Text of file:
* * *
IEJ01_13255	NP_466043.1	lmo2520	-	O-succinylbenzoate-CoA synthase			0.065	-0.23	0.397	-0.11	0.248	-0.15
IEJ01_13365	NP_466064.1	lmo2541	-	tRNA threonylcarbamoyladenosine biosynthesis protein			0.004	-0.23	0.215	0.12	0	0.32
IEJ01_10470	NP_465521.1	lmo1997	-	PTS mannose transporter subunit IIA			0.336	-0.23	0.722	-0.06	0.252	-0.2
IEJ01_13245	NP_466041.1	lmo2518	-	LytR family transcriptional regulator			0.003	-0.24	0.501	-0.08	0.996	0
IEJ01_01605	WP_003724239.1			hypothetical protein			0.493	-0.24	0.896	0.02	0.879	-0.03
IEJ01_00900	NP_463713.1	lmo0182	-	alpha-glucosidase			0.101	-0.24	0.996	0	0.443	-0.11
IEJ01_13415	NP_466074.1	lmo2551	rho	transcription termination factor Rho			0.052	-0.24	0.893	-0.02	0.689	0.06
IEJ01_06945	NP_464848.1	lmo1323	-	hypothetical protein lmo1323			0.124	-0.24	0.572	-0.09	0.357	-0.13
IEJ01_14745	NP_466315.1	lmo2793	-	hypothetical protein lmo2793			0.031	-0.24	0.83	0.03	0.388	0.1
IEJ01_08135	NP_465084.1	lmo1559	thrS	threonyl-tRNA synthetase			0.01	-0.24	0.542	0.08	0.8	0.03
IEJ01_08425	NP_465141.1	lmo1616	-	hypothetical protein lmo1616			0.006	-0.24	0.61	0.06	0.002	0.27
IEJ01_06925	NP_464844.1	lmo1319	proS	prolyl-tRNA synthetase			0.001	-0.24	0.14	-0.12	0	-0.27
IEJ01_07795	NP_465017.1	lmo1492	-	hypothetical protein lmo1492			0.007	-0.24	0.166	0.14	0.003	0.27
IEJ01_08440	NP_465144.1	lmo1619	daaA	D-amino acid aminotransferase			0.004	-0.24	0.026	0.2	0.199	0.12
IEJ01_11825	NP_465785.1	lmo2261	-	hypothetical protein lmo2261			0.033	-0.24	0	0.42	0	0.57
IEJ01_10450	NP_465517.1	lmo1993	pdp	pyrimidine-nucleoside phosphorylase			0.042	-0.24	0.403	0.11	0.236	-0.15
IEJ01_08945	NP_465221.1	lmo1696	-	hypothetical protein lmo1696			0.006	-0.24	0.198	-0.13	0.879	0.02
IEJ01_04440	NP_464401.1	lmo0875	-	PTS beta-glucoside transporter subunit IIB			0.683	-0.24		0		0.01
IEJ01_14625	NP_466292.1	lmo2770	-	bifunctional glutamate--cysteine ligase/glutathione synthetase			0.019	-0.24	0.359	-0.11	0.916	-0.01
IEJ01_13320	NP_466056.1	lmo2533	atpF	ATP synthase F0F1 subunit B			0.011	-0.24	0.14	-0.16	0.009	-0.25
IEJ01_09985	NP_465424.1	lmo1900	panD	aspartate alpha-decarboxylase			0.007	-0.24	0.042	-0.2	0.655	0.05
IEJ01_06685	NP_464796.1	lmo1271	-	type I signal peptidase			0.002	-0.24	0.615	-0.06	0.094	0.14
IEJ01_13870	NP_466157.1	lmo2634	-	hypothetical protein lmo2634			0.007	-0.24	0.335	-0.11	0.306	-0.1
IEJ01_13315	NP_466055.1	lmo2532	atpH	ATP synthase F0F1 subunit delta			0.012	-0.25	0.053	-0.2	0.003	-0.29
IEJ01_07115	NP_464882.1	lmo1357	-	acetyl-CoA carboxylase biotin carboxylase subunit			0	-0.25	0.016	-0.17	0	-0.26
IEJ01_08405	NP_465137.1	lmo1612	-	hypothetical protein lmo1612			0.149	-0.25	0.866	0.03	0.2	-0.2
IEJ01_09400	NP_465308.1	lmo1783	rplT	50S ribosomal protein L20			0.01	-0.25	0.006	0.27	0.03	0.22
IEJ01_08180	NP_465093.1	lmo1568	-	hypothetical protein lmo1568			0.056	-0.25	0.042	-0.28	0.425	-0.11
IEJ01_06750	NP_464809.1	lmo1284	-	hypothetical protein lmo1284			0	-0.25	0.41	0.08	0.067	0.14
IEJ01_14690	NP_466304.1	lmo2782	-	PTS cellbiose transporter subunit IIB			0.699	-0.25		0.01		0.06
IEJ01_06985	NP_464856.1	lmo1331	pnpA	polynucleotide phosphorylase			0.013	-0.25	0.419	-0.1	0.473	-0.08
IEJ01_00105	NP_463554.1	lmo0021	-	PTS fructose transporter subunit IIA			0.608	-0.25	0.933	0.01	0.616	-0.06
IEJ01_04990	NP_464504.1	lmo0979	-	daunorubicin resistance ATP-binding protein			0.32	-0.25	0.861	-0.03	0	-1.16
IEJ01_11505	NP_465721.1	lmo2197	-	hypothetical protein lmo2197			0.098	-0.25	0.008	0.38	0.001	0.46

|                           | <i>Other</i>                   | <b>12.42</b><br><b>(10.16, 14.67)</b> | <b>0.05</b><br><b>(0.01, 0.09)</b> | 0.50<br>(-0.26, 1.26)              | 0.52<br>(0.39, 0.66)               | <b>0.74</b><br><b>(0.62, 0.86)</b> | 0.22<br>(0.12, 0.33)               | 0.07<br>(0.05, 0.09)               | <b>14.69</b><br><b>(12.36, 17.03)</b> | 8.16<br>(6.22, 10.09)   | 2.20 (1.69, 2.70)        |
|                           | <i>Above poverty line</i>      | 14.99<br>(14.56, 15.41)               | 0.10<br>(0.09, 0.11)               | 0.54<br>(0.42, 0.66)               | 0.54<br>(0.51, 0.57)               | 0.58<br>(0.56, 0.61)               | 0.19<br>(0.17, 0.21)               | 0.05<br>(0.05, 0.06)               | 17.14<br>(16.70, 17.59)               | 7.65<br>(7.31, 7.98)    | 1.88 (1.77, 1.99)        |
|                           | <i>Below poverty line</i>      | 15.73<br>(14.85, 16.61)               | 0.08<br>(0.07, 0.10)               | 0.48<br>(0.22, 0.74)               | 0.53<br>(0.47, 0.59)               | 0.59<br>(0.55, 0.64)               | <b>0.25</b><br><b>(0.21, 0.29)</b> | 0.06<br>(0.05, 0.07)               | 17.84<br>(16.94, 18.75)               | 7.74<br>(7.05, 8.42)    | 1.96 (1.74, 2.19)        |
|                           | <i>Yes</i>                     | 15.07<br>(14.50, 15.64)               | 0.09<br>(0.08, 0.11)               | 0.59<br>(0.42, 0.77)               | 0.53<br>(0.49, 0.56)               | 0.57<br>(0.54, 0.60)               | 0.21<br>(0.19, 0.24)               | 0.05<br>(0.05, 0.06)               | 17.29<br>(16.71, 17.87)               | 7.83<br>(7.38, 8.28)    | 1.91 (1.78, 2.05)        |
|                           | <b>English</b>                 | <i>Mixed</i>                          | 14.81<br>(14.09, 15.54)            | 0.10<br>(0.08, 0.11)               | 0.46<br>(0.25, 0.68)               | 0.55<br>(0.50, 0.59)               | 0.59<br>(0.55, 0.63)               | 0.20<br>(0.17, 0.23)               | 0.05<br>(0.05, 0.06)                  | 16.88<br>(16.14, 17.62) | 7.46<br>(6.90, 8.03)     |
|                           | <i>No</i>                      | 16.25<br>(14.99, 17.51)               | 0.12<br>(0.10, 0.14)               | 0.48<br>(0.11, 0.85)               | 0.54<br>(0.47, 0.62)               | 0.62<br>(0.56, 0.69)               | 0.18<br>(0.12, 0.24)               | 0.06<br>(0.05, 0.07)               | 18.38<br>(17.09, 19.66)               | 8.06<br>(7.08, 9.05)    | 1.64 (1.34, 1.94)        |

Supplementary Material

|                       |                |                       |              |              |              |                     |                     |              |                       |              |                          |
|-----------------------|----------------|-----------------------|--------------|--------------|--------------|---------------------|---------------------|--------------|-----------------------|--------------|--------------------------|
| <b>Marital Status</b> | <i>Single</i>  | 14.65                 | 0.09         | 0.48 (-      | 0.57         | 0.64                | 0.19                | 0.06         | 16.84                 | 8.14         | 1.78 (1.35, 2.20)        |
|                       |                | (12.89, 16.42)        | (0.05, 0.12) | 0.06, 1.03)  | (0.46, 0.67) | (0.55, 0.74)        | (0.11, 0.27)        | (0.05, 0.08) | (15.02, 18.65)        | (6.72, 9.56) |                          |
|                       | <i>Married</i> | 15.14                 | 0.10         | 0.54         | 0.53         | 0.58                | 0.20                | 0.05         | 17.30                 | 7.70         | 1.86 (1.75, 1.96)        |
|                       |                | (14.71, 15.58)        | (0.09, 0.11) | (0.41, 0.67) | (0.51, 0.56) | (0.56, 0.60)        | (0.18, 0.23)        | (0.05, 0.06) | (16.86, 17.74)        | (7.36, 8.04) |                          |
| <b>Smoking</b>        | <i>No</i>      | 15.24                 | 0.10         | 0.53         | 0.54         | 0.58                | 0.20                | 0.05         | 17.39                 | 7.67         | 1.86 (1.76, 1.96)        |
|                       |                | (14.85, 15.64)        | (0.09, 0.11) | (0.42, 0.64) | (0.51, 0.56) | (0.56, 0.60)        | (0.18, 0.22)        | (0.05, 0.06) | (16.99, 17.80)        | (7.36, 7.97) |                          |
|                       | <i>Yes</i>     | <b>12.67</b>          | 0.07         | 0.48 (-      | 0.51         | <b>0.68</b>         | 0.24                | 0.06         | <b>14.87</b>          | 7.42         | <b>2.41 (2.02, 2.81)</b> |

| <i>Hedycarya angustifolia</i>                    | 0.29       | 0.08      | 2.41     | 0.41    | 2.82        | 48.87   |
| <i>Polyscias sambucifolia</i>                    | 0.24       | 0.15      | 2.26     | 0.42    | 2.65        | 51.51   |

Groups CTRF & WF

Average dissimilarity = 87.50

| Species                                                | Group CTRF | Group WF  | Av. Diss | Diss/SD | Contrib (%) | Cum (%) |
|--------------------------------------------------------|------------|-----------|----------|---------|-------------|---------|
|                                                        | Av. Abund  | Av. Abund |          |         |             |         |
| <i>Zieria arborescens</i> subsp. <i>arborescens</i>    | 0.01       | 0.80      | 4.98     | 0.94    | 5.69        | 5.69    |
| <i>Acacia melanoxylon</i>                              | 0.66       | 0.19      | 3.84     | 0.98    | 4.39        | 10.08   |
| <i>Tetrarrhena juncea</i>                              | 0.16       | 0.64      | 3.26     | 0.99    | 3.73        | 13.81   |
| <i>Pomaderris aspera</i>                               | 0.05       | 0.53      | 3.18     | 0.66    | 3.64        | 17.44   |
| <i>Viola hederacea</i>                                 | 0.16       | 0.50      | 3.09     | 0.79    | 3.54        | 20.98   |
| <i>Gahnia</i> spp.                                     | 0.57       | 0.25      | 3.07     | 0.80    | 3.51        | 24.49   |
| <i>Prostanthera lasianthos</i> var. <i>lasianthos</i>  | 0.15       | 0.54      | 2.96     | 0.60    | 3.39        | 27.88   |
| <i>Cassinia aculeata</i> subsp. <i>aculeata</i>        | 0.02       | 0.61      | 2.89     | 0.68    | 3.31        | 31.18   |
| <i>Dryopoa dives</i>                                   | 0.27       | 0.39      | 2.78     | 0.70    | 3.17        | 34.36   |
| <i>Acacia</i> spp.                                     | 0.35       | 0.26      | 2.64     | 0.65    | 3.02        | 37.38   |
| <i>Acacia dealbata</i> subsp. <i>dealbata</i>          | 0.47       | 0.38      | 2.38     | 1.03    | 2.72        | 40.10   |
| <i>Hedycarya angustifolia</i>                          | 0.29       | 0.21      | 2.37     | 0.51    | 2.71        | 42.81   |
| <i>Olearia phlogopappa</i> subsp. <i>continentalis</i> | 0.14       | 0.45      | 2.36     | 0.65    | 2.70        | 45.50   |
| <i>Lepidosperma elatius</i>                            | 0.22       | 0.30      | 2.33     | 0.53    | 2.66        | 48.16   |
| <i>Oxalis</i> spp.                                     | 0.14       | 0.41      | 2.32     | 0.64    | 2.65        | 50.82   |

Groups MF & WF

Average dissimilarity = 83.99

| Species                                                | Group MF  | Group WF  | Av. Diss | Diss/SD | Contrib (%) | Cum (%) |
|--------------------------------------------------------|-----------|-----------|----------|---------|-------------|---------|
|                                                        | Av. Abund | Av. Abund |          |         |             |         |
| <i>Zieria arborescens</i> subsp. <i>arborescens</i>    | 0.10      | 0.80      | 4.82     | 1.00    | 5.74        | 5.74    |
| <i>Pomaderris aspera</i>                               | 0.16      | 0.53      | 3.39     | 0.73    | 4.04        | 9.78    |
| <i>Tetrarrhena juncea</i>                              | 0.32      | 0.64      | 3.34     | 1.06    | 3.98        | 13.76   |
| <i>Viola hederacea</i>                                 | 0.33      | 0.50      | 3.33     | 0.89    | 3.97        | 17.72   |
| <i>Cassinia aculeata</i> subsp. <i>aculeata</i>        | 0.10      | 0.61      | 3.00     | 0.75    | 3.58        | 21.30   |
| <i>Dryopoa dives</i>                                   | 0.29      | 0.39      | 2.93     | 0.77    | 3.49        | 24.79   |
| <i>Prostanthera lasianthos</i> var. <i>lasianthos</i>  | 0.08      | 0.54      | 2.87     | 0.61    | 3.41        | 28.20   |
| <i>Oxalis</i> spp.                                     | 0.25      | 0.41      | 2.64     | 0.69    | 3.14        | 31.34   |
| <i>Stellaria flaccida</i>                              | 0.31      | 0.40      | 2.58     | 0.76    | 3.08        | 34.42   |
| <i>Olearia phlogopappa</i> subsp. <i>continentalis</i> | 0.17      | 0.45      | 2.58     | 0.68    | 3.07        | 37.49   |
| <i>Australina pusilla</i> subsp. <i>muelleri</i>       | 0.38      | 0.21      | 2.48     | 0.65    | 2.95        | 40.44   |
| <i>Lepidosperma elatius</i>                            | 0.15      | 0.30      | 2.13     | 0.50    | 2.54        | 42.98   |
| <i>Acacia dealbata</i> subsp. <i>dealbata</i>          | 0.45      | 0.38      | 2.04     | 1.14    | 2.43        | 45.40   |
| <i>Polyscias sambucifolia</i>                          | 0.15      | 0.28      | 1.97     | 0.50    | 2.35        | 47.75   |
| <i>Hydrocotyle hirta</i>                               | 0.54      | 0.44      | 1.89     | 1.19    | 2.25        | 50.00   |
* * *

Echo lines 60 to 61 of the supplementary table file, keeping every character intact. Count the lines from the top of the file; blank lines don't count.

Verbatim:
| <i>Tetrarrhena juncea</i>                              | 0.16       | 0.64      | 3.26     | 0.99    | 3.73        | 13.81   |
| <i>Pomaderris aspera</i>                               | 0.05       | 0.53      | 3.18     | 0.66    | 3.64        | 17.44   |